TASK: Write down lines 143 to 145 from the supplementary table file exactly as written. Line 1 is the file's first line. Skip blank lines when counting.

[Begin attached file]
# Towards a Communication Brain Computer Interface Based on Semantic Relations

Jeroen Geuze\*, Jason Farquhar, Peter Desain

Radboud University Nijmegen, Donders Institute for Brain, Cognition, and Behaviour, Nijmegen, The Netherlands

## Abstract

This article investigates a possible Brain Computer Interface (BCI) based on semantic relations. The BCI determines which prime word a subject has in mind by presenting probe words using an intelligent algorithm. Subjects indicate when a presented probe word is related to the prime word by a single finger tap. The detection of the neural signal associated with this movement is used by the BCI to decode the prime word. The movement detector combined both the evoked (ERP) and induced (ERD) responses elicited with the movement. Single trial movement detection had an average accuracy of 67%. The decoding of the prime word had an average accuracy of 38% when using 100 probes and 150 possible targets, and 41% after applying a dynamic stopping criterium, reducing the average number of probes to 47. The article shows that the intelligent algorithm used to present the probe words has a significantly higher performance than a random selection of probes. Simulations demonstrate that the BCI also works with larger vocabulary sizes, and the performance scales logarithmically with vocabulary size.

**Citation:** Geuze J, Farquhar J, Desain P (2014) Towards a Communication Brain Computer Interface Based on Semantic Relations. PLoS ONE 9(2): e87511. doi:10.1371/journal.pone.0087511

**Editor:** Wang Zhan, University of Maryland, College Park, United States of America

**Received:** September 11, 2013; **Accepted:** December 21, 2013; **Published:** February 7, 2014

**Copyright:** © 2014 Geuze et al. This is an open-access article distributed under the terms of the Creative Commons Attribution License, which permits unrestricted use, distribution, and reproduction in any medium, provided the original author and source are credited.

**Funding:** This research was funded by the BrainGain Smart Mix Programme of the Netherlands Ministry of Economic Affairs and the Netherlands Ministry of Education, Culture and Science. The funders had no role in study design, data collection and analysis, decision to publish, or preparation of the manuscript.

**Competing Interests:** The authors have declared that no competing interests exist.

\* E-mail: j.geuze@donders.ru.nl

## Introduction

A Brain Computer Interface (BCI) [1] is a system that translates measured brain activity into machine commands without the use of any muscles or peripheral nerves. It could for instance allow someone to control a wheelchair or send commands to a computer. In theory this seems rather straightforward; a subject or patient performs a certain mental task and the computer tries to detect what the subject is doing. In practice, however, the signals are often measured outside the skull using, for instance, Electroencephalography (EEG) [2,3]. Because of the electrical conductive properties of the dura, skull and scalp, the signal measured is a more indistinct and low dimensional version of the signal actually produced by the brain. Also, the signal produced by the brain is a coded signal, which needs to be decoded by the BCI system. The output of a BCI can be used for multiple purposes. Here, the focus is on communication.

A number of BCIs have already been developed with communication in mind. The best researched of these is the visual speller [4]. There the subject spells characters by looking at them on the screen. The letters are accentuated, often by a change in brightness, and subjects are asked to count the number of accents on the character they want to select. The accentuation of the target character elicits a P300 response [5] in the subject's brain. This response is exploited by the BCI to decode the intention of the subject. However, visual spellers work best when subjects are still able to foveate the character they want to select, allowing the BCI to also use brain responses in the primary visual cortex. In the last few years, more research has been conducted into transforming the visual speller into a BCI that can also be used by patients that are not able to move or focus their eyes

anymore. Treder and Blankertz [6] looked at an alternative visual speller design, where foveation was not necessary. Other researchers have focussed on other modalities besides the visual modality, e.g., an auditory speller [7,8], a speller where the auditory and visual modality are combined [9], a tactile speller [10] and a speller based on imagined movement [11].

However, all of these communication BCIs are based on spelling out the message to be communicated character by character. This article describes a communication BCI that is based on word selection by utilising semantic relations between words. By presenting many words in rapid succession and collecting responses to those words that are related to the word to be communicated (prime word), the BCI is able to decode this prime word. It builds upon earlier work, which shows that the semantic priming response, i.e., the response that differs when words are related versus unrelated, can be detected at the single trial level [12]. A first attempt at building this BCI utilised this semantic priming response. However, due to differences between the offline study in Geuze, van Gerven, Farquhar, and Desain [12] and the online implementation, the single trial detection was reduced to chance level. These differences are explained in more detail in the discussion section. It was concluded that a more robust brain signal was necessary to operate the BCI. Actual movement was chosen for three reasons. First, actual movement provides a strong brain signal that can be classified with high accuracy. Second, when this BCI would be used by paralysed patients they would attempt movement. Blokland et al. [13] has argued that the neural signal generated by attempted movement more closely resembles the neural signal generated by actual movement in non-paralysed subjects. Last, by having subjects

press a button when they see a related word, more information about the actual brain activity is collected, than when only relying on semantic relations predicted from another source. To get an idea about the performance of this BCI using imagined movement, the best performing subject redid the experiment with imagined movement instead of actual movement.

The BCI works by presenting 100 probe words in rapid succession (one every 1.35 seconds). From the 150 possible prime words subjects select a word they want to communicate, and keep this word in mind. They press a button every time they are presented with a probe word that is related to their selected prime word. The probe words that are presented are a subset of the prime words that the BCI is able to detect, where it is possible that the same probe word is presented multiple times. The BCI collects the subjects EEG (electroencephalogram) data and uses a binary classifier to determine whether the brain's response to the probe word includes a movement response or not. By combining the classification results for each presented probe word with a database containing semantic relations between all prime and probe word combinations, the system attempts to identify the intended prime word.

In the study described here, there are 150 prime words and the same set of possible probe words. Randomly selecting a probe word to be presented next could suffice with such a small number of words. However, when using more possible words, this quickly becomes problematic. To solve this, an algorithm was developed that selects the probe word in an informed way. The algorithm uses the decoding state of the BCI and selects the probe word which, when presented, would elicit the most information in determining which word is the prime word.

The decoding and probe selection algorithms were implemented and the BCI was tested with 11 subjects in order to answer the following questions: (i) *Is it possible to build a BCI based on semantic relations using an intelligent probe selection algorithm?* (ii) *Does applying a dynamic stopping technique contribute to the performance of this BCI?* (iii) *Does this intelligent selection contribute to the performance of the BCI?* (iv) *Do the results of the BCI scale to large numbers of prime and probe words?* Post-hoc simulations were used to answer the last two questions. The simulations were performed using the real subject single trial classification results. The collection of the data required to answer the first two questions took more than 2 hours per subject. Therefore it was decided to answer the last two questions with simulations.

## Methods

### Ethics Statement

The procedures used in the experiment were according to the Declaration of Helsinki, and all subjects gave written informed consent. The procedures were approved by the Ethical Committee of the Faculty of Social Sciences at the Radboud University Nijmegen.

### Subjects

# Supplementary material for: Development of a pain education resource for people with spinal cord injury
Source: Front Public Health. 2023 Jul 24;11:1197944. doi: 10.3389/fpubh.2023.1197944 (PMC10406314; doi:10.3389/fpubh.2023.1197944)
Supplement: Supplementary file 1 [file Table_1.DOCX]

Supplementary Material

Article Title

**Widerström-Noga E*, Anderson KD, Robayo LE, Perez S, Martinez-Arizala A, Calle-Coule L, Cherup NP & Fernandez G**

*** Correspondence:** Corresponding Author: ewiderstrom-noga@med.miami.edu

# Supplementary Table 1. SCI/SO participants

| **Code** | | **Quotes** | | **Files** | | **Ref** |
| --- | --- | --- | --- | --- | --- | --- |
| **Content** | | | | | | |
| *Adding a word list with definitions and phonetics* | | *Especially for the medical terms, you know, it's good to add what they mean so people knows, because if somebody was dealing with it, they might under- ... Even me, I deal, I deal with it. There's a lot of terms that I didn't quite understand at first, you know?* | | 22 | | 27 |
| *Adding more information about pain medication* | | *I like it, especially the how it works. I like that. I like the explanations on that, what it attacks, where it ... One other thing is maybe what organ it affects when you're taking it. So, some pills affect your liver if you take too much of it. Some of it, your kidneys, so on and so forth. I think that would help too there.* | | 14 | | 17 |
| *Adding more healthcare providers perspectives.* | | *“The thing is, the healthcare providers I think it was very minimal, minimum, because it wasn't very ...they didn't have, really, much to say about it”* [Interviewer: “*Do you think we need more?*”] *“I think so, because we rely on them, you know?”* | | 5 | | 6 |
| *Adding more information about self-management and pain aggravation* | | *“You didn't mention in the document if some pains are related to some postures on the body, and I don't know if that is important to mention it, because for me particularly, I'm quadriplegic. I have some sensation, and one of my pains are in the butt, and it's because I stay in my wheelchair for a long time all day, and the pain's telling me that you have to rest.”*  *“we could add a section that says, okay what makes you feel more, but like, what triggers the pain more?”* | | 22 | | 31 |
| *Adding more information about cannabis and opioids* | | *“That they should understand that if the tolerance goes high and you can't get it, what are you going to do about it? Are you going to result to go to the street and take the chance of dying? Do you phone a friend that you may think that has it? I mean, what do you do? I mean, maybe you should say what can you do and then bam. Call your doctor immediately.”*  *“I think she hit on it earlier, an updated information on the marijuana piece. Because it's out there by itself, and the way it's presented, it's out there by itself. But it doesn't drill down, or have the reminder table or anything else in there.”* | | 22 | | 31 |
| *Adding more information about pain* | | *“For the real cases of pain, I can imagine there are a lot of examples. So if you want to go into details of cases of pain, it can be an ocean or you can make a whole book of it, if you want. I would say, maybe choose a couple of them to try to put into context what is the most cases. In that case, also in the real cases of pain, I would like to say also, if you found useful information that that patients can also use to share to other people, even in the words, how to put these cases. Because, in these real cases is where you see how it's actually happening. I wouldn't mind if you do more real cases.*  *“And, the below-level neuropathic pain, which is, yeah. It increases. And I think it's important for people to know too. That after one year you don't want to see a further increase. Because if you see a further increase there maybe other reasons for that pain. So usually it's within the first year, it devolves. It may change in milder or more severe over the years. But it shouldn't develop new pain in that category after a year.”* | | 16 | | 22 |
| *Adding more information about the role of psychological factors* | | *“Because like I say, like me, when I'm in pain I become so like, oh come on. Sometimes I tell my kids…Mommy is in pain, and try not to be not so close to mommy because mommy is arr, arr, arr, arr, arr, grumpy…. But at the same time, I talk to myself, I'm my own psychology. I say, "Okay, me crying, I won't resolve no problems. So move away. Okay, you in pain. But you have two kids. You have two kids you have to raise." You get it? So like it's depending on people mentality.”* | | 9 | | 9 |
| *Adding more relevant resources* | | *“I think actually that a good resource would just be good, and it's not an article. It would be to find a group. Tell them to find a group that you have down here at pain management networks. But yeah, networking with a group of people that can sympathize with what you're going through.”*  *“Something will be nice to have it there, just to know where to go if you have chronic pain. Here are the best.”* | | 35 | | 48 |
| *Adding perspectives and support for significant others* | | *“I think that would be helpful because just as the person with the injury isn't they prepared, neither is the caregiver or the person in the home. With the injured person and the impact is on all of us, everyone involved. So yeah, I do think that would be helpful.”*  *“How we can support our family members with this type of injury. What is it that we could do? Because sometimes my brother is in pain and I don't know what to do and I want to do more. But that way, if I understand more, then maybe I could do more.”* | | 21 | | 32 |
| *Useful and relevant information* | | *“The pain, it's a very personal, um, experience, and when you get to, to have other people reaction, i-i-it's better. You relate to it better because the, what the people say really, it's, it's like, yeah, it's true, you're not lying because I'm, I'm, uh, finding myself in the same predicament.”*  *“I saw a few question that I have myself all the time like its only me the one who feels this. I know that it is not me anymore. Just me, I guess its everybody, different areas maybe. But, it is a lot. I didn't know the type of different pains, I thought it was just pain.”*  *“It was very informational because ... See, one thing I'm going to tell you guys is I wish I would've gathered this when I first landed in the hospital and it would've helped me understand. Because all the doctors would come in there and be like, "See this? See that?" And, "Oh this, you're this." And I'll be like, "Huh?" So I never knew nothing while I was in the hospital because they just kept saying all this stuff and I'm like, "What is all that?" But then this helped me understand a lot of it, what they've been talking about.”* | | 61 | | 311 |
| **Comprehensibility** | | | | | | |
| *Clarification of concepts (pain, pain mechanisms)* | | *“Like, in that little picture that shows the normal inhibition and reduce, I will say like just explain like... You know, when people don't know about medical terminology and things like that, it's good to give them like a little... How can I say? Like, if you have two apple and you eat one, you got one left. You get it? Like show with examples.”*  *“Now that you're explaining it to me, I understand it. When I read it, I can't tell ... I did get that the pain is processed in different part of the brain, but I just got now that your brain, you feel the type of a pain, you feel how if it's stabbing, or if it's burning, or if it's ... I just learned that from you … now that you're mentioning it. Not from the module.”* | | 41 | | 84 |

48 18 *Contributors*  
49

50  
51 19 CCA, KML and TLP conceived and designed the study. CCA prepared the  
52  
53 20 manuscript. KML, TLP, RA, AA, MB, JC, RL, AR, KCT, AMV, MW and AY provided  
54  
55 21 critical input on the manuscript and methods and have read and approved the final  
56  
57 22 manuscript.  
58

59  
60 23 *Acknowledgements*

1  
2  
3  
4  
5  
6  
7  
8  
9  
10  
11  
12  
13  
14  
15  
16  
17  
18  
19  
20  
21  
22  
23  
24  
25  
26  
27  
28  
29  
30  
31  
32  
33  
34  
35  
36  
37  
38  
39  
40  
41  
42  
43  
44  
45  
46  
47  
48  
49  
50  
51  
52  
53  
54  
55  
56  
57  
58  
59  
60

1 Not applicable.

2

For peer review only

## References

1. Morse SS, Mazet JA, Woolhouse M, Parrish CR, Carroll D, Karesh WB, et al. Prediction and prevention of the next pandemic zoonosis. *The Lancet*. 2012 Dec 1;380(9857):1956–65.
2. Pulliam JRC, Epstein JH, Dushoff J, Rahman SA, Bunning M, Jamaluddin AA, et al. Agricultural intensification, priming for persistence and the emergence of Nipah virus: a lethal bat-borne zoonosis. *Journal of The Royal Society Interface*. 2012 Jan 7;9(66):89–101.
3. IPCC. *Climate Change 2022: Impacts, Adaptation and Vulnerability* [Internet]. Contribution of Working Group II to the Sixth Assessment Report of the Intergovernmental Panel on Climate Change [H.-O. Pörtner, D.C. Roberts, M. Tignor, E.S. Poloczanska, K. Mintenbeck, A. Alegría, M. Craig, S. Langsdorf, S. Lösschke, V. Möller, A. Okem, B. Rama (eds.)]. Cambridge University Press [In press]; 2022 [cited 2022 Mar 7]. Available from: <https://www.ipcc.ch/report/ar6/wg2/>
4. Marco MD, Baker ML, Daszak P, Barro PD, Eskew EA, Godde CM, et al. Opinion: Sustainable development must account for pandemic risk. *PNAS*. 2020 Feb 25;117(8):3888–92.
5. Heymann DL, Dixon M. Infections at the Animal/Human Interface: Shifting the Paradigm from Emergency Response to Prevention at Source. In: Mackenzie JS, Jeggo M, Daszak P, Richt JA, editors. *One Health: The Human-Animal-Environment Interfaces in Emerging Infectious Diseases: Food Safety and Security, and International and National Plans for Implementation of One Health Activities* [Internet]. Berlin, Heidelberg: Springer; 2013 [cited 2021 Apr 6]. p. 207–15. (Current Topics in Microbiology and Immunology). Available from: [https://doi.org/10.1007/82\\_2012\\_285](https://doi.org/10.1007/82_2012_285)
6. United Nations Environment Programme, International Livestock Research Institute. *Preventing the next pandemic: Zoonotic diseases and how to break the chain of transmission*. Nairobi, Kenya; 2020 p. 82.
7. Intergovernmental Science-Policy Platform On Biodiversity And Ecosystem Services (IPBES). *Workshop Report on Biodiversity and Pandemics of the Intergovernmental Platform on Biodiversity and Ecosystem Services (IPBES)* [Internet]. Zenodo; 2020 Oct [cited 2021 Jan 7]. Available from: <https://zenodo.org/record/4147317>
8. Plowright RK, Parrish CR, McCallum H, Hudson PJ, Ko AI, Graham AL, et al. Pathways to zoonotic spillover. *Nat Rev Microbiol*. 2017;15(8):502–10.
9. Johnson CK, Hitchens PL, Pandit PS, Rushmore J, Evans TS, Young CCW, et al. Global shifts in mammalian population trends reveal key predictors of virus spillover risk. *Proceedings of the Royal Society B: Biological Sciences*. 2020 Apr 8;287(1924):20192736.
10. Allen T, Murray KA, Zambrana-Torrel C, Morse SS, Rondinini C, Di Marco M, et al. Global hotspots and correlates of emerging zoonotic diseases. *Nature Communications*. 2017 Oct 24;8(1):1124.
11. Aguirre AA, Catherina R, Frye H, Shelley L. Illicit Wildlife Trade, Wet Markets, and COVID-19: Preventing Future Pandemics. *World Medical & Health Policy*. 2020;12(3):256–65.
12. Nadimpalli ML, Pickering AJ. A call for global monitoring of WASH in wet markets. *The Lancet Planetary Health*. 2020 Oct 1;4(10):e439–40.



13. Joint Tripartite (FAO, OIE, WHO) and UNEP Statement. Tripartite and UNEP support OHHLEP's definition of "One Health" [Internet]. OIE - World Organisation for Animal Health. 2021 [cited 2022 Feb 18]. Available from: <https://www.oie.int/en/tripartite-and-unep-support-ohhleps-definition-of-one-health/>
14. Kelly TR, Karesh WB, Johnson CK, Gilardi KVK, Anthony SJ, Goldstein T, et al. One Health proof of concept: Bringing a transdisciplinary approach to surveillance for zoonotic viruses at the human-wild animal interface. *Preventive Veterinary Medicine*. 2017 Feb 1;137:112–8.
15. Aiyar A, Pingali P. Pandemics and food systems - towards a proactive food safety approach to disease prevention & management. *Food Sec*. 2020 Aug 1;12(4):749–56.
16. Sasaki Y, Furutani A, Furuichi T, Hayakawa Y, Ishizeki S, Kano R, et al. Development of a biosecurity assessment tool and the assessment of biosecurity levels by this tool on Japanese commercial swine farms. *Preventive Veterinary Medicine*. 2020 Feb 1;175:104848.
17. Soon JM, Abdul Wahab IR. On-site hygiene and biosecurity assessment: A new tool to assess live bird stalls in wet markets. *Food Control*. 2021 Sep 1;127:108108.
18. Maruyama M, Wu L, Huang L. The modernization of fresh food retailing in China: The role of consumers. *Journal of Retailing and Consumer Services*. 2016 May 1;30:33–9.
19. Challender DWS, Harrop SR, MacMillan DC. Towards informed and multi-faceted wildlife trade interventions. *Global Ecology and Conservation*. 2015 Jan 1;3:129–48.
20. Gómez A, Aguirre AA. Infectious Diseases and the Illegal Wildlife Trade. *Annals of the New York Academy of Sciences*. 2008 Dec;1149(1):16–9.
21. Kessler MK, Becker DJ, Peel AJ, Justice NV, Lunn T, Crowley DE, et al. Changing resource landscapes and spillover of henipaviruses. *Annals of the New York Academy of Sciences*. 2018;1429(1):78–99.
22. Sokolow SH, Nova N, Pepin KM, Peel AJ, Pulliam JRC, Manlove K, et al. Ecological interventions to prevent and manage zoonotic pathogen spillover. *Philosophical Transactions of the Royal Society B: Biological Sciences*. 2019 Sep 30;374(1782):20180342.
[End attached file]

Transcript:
18. Maruyama M, Wu L, Huang L. The modernization of fresh food retailing in China: The role of consumers. *Journal of Retailing and Consumer Services*. 2016 May 1;30:33–9.
19. Challender DWS, Harrop SR, MacMillan DC. Towards informed and multi-faceted wildlife trade interventions. *Global Ecology and Conservation*. 2015 Jan 1;3:129–48.
20. Gómez A, Aguirre AA. Infectious Diseases and the Illegal Wildlife Trade. *Annals of the New York Academy of Sciences*. 2008 Dec;1149(1):16–9.